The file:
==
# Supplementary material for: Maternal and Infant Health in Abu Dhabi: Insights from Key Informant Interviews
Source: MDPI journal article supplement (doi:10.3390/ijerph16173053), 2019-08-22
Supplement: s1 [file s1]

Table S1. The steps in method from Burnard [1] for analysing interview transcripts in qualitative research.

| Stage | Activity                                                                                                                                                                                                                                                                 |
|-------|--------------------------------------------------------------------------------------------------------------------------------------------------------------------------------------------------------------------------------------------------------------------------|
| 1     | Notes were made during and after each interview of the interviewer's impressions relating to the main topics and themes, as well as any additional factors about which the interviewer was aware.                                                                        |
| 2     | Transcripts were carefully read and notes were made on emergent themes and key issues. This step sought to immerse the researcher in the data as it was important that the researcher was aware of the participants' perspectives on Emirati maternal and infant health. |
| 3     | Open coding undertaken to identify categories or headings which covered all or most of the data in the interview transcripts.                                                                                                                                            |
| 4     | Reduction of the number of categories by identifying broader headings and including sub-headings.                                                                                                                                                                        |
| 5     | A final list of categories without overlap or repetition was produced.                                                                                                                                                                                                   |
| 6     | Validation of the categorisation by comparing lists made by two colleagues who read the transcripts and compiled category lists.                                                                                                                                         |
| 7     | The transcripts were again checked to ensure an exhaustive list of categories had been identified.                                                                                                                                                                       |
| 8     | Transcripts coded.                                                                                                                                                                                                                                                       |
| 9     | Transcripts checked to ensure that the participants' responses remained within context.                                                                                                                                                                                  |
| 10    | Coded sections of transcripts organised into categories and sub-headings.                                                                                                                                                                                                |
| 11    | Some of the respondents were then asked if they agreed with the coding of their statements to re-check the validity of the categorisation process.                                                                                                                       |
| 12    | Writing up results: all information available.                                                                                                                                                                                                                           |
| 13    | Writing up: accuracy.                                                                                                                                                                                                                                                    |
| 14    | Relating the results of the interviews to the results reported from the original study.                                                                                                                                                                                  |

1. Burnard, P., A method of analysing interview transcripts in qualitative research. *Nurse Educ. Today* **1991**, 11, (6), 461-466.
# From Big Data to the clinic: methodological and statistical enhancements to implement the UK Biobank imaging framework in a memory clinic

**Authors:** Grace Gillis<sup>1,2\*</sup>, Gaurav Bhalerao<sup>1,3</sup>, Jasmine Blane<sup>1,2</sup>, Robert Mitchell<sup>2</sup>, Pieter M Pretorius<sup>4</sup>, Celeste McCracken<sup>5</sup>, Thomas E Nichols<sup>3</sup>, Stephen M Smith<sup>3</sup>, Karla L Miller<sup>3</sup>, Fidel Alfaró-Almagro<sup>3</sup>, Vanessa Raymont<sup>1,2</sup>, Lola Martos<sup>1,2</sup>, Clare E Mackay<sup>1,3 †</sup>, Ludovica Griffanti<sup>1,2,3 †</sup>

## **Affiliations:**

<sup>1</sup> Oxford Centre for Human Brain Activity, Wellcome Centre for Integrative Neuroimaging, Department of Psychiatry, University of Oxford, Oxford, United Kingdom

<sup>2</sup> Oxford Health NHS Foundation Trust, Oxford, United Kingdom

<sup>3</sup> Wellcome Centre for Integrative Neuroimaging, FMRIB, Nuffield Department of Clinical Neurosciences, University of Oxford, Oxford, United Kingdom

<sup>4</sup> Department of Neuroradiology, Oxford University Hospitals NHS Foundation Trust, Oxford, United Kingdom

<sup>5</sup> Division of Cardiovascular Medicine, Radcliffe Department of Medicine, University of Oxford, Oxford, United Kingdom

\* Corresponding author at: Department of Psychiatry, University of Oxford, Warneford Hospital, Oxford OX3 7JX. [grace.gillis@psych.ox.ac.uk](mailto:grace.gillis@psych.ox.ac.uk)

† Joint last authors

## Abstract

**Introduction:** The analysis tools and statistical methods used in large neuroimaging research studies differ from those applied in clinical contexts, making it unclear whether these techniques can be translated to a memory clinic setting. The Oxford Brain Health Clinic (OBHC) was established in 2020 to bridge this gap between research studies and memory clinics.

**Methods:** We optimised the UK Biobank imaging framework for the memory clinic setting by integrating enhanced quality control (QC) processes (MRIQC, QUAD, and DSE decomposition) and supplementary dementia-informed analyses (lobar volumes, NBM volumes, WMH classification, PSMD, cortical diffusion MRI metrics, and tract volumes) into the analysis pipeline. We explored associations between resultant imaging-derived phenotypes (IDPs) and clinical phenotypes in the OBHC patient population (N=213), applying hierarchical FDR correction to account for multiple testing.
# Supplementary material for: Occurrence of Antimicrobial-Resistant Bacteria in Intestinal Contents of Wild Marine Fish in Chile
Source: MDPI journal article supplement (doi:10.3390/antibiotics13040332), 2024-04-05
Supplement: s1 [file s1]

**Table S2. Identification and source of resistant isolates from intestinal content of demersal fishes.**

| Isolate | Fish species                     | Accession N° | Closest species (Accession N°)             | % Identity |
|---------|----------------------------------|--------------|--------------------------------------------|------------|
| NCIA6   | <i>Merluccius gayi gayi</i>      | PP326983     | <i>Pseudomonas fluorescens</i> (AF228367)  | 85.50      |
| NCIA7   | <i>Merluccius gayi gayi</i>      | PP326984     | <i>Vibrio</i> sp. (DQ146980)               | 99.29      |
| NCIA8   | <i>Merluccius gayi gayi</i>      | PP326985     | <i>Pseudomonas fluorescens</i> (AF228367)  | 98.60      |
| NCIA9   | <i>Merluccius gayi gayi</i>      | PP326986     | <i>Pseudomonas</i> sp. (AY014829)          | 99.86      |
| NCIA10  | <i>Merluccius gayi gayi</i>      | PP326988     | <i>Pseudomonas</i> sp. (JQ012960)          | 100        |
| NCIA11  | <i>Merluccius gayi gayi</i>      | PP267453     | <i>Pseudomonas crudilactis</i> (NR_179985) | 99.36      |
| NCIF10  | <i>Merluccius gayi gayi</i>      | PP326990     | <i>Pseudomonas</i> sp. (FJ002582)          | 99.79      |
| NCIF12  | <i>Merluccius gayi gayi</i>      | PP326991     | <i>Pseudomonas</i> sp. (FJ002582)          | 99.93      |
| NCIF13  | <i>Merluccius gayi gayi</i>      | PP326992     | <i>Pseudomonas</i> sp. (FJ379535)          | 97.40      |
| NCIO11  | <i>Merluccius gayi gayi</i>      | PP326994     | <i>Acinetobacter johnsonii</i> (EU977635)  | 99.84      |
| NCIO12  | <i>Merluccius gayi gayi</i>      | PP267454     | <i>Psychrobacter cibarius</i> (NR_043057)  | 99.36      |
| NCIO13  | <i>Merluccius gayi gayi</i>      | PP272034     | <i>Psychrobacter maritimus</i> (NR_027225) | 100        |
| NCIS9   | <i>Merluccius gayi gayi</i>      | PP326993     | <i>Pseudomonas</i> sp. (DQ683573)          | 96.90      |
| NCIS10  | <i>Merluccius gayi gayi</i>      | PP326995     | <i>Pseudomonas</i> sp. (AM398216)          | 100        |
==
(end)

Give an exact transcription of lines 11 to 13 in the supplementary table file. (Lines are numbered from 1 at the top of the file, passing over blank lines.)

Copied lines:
| 5     | A final list of categories without overlap or repetition was produced.                                                                                                                                                                                                   |
| 6     | Validation of the categorisation by comparing lists made by two colleagues who read the transcripts and compiled category lists.                                                                                                                                         |
| 7     | The transcripts were again checked to ensure an exhaustive list of categories had been identified.                                                                                                                                                                       |